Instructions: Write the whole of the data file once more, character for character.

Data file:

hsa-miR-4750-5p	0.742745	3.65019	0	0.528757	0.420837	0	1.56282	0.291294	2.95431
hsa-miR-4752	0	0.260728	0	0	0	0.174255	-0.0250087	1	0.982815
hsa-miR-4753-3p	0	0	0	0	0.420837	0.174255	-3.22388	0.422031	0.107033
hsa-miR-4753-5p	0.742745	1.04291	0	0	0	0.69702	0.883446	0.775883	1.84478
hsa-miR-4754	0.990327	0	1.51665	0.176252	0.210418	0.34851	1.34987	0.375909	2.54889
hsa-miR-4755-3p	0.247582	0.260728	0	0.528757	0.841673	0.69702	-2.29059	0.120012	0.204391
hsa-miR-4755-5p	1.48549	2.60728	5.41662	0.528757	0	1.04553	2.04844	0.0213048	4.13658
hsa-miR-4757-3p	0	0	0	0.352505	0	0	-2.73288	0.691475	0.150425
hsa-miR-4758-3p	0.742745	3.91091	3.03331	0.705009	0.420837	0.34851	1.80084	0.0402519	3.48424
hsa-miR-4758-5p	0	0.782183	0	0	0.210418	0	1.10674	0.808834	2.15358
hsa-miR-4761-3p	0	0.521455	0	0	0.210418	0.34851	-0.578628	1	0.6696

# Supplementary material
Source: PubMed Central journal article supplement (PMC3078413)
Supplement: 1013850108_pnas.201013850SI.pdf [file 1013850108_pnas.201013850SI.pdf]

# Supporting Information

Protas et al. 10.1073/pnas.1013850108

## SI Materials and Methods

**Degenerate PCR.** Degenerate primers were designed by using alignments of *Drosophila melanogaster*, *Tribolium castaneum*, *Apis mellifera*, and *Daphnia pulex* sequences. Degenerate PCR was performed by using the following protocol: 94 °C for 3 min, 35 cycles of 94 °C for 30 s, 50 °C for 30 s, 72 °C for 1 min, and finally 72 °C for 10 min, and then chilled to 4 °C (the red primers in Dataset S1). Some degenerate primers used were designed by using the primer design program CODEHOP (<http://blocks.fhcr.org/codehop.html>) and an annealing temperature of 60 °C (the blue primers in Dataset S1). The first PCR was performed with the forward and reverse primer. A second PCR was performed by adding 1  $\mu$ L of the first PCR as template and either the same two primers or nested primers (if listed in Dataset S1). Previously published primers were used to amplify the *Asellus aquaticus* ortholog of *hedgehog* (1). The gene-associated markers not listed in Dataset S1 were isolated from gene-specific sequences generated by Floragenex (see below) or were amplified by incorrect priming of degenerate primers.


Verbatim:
hsa-miR-4750-5p	0.742745	3.65019	0	0.528757	0.420837	0	1.56282	0.291294	2.95431
hsa-miR-4752	0	0.260728	0	0	0	0.174255	-0.0250087	1	0.982815
hsa-miR-4753-3p	0	0	0	0	0.420837	0.174255	-3.22388	0.422031	0.107033
hsa-miR-4753-5p	0.742745	1.04291	0	0	0	0.69702	0.883446	0.775883	1.84478
hsa-miR-4754	0.990327	0	1.51665	0.176252	0.210418	0.34851	1.34987	0.375909	2.54889
hsa-miR-4755-3p	0.247582	0.260728	0	0.528757	0.841673	0.69702	-2.29059	0.120012	0.204391
hsa-miR-4755-5p	1.48549	2.60728	5.41662	0.528757	0	1.04553	2.04844	0.0213048	4.13658
hsa-miR-4757-3p	0	0	0	0.352505	0	0	-2.73288	0.691475	0.150425
hsa-miR-4758-3p	0.742745	3.91091	3.03331	0.705009	0.420837	0.34851	1.80084	0.0402519	3.48424
hsa-miR-4758-5p	0	0.782183	0	0	0.210418	0	1.10674	0.808834	2.15358
hsa-miR-4761-3p	0	0.521455	0	0	0.210418	0.34851	-0.578628	1	0.6696

# Supplementary material
Source: PubMed Central journal article supplement (PMC3078413)
Supplement: 1013850108_pnas.201013850SI.pdf [file 1013850108_pnas.201013850SI.pdf]

# Supporting Information

Protas et al. 10.1073/pnas.1013850108

## SI Materials and Methods

**Degenerate PCR.** Degenerate primers were designed by using alignments of *Drosophila melanogaster*, *Tribolium castaneum*, *Apis mellifera*, and *Daphnia pulex* sequences. Degenerate PCR was performed by using the following protocol: 94 °C for 3 min, 35 cycles of 94 °C for 30 s, 50 °C for 30 s, 72 °C for 1 min, and finally 72 °C for 10 min, and then chilled to 4 °C (the red primers in Dataset S1). Some degenerate primers used were designed by using the primer design program CODEHOP (<http://blocks.fhcr.org/codehop.html>) and an annealing temperature of 60 °C (the blue primers in Dataset S1). The first PCR was performed with the forward and reverse primer. A second PCR was performed by adding 1  $\mu$ L of the first PCR as template and either the same two primers or nested primers (if listed in Dataset S1). Previously published primers were used to amplify the *Asellus aquaticus* ortholog of *hedgehog* (1). The gene-associated markers not listed in Dataset S1 were isolated from gene-specific sequences generated by Floragenex (see below) or were amplified by incorrect priming of degenerate primers.